Interview

Travis Gafford: "I do wish that I could maybe do more for the Challenger leagues than I do"

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Travis Gafford visited our offices in Cologne in order to conduct an interview with our very own Michal "Carmac" Blicharz. We didn't hesitate to return the favor, and took the opportunity to ask him a few of questions about his career and his recent stay in Europe.

ESL: So, how has your stay in Cologne been so far?

It’s been cool. We didn’t have internet at my place, so that’s been kind of a bummer, but now we have, like, dial-up, basically, which is very, very slow, so I can kind of read Reddit. It’s been rough. I’m ready to go home soon, but I’ve been very much enjoying my visit to Europe for the past three weeks.

ESL: Understandably so! How did you prepare for the interviews here?

A big thing was to make sure I had content plans for here. Obviously four of those days are LCS days, where I had the ability to go and do content with teams, so I had myself and Slasher and a couple of other people reach out to organizations such as Millenium, SK, Fnatic, Alliance and ROCCAT and tried to make sure that I could do either house tours or interviews or something with people here, so I made sure we could do that and that’s what happened.

ESL: So did you actually get around to all that?

It was really kind of disappointing. Millenium had a team change with Araneae stepping down, so they cancelled our visit to their place, and then SK I guess just never had time for us to do something, which was also somewhat unfortunate as they were right around the corner from us. But we managed to do stuff with Fnatic, Alliance and ROCCAT, so that’s cool, and then obviously EU LCS as well. The big thing is that I'm just happy to do EU LCS for a couple of weeks, so it made a lot of sense to just spend a couple more weeks in Europe after visiting Katowice and do this stuff.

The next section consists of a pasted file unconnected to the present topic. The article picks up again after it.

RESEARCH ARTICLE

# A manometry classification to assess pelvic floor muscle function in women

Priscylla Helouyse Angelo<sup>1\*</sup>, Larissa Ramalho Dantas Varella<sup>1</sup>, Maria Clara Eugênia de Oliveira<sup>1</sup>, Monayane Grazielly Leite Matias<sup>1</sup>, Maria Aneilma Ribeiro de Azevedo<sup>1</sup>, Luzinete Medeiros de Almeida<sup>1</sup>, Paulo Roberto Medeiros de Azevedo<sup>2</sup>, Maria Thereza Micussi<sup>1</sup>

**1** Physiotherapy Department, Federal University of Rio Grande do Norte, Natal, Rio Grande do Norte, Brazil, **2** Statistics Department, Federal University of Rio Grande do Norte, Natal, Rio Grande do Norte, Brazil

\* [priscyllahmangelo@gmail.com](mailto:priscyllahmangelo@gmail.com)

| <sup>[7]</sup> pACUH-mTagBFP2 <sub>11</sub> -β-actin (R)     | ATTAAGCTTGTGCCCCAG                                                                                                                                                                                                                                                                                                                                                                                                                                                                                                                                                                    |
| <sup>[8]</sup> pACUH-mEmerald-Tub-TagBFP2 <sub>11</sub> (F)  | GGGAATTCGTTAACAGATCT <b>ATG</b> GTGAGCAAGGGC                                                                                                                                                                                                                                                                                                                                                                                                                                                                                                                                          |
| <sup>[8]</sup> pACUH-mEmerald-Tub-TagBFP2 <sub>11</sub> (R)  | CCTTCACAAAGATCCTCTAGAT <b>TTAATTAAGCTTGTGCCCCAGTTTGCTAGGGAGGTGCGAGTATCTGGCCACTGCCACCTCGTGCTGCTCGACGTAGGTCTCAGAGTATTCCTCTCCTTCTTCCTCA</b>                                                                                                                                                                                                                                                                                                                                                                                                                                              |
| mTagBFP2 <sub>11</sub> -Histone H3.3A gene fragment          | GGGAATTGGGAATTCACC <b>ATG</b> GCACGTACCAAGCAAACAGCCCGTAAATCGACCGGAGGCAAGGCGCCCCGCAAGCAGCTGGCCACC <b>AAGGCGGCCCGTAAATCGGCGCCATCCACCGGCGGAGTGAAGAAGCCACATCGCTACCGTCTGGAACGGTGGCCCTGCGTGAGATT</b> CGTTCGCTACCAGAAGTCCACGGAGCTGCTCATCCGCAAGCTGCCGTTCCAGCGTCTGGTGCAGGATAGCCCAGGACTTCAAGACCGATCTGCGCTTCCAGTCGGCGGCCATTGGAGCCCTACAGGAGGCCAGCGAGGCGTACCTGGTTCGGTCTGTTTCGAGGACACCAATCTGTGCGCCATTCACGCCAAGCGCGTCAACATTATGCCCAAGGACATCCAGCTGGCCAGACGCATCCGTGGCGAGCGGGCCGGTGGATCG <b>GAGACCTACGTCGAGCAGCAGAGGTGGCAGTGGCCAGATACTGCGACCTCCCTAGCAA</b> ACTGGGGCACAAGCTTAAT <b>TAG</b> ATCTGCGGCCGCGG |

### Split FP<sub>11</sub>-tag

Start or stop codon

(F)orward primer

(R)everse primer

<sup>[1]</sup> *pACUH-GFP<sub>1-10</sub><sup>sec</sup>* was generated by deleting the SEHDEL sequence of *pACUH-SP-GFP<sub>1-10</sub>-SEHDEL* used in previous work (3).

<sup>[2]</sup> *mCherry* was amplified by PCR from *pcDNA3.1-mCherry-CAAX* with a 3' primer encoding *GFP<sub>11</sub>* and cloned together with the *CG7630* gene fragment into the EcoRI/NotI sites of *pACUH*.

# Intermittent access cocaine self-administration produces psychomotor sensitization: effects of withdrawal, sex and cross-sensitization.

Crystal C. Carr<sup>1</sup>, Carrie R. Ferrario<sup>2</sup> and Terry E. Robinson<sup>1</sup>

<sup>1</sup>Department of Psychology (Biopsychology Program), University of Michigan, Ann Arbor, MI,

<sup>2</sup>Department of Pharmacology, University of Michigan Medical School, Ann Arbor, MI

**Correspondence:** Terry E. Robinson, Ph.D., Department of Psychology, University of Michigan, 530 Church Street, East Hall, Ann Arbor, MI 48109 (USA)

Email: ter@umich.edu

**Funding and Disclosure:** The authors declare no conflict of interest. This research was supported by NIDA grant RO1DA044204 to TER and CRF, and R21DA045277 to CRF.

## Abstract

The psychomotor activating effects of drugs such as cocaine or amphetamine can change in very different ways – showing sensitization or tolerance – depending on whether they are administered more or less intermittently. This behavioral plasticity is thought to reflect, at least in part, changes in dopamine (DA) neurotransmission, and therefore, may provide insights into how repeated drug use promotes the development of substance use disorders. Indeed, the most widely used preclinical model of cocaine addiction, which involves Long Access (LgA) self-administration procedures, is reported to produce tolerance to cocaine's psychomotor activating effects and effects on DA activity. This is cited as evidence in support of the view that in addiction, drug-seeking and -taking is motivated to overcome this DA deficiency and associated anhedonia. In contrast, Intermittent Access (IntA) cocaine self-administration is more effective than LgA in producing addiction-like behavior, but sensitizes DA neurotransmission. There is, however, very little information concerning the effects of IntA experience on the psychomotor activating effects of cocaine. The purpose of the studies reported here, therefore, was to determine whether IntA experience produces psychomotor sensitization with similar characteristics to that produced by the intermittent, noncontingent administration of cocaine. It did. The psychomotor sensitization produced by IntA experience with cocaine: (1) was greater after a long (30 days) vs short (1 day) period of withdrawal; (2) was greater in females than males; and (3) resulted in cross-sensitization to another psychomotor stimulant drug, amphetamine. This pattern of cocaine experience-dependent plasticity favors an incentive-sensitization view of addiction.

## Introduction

ESL: How did you go about picking players to interview?

There’s a lot that goes into who I decide to interview. I’ll generally only interview the winning team from the match because the losers tend to not want to do an interview because they’re a little salty, which I understand. The popular teams are the ones that win, which is often why I’m interviewing the popular teams more. Additionally, other things that go into who I want to interview are, like, how well do I know this person? If it’s somebody I know well, then the interview’s going to be better because the goal for me is to make a really good interview. Is it somebody who’s good on camera? Is English a language that they can speak? Because I don’t know if I’m going to need a translator, it might make it rough, so that can affect things. 

"The goal for me is to make a really good interview"